Andy Lynes
 food journalist and writer



22 June 2007


"People are afraid of soufflés." I've lost count of the times I've heard that deathless phrase fall from the lips of a TV chef. But how do they know home cooks are cowering in mortal fear of a roux base combined with whipped egg whites and an additional flavouring? Has a survey on the most terrifying baked puddings been conducted by the Department of Health? Did I miss the Jerry Springer "My Egg-Based Dessert Hell" special? Or is it simply that telly cooks are desperately trying to preserve their position of influence by appearing more knowledgeable and confident than their viewers?

If any telly chefs happen to be reading this, then listen up lads. I laugh in the face of soufflés. I whip my eggs to the brink of collapse; I fold my mixture with reckless abandon; I open and close my oven door during the cooking process. I'M NOT SCARED OF SOUFFLES. On the other hand, I am afraid of what I might do the next time some witless gonk tries to tell me that my fellow viewers and I are frightened of filleting fish, making risotto or cooking mussels.

Maybe I'm over reacting just a tad, but the notion that we mere mortals need A Famous Person to help us over come our culinary fears is laughably outmoded and deeply patronising. Over the last five years or so, the internet has proved that there are not only countless highly skilled amateur cooks out there, but that they are more than willing to share their expertise for free. The web has transformed our individual kitchens into a global cookery school where we're all teacher and pupil simultaneously.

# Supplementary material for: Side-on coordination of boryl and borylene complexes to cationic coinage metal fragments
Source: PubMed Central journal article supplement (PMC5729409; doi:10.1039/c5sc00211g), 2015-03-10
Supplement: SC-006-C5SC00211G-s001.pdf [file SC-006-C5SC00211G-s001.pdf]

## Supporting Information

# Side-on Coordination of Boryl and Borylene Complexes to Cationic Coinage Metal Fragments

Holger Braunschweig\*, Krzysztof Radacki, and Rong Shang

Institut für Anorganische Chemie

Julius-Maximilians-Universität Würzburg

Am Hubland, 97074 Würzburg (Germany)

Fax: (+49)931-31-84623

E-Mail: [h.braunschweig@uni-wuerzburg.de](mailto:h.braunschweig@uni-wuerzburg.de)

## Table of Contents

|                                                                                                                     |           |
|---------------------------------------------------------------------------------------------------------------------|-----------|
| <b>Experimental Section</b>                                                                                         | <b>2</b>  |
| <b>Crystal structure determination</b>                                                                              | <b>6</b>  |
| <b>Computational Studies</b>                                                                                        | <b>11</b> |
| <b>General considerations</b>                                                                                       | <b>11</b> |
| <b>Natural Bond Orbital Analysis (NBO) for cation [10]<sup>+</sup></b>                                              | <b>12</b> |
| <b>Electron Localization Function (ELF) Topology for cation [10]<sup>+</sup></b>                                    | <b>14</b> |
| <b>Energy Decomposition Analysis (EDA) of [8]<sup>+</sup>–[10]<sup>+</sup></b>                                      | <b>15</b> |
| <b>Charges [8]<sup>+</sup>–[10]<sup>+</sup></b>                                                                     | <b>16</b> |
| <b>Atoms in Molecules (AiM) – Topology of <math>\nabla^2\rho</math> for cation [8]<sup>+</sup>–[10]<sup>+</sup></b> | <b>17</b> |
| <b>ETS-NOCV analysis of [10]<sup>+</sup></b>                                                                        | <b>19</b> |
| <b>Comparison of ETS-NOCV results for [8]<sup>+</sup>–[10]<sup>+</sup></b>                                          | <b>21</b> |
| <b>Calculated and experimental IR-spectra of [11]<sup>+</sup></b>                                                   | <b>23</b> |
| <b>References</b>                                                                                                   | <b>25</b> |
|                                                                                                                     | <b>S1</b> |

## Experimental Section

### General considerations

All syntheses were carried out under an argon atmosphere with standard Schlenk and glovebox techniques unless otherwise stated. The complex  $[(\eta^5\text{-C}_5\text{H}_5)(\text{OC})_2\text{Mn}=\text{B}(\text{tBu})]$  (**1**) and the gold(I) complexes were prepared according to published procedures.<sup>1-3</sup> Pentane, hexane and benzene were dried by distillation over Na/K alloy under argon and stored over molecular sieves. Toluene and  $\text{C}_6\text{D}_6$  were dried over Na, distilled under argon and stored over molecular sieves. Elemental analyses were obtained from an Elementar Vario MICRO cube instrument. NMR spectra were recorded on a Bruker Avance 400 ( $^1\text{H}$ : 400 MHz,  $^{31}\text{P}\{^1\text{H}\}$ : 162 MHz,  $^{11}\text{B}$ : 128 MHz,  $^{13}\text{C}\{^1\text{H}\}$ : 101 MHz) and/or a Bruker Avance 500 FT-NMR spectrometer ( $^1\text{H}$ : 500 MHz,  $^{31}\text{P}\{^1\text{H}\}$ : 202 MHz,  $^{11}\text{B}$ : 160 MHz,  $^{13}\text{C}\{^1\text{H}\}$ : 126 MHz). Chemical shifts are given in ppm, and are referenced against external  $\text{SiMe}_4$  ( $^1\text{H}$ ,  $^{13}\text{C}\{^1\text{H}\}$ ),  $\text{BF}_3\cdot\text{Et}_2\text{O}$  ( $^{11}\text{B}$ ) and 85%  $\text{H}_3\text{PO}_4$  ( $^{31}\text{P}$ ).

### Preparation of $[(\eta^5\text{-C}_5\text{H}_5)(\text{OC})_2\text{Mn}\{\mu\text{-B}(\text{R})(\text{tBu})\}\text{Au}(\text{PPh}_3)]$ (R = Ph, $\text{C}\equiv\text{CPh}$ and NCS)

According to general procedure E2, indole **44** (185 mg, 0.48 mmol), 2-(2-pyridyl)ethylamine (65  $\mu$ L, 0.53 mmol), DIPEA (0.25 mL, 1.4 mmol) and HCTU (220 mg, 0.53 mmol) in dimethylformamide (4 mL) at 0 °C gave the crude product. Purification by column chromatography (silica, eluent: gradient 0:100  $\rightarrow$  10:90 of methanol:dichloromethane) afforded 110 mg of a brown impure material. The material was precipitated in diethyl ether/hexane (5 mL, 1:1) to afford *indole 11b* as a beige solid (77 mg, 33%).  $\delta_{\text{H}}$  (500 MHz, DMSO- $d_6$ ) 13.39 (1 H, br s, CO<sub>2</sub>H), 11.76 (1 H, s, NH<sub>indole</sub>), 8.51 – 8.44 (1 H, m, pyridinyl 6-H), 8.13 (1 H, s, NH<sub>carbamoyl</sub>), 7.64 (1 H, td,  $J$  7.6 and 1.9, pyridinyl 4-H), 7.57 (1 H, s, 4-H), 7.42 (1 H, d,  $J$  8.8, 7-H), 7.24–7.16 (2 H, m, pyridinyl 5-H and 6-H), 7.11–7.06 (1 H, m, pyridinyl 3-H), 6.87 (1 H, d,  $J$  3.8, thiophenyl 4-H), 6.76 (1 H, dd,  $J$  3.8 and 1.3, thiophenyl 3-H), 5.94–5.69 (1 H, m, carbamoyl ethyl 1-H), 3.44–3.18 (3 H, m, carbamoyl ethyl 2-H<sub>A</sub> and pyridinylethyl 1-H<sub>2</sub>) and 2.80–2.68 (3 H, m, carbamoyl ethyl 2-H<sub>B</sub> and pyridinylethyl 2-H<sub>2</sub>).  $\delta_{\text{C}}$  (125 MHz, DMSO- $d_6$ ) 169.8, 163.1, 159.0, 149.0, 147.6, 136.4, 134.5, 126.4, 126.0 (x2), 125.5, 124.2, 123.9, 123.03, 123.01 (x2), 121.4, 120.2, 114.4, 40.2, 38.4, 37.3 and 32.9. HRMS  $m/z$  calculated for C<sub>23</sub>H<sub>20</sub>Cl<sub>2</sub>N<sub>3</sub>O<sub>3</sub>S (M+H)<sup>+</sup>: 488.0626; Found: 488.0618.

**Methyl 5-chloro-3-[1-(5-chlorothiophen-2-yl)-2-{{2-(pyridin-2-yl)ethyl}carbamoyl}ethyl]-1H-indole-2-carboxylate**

Want to learn how to make paella? Go to Want to sharpen those blunt knives of yours? Then just click into the eGullet Culinary Institute at for a master class. Just what to chat about your cookery disasters? Then hang out at

Cooking is a complex thing. You can spend a lifetime learning and you'll only have covered a small area of the subject. That's partly what makes it so fascinating. Soufflé making is one of the more complicated techniques for cooks to master, but it's far from impossible. A grease-free bowl, a steady hand with the whisk, a reliable recipe and you're home and dry. It's hardly as intricate and arcane a practice as say, competitive fat carving for example (yes, chefs really do sculpt lions from lumps of lard). Now that really is something to be scared of.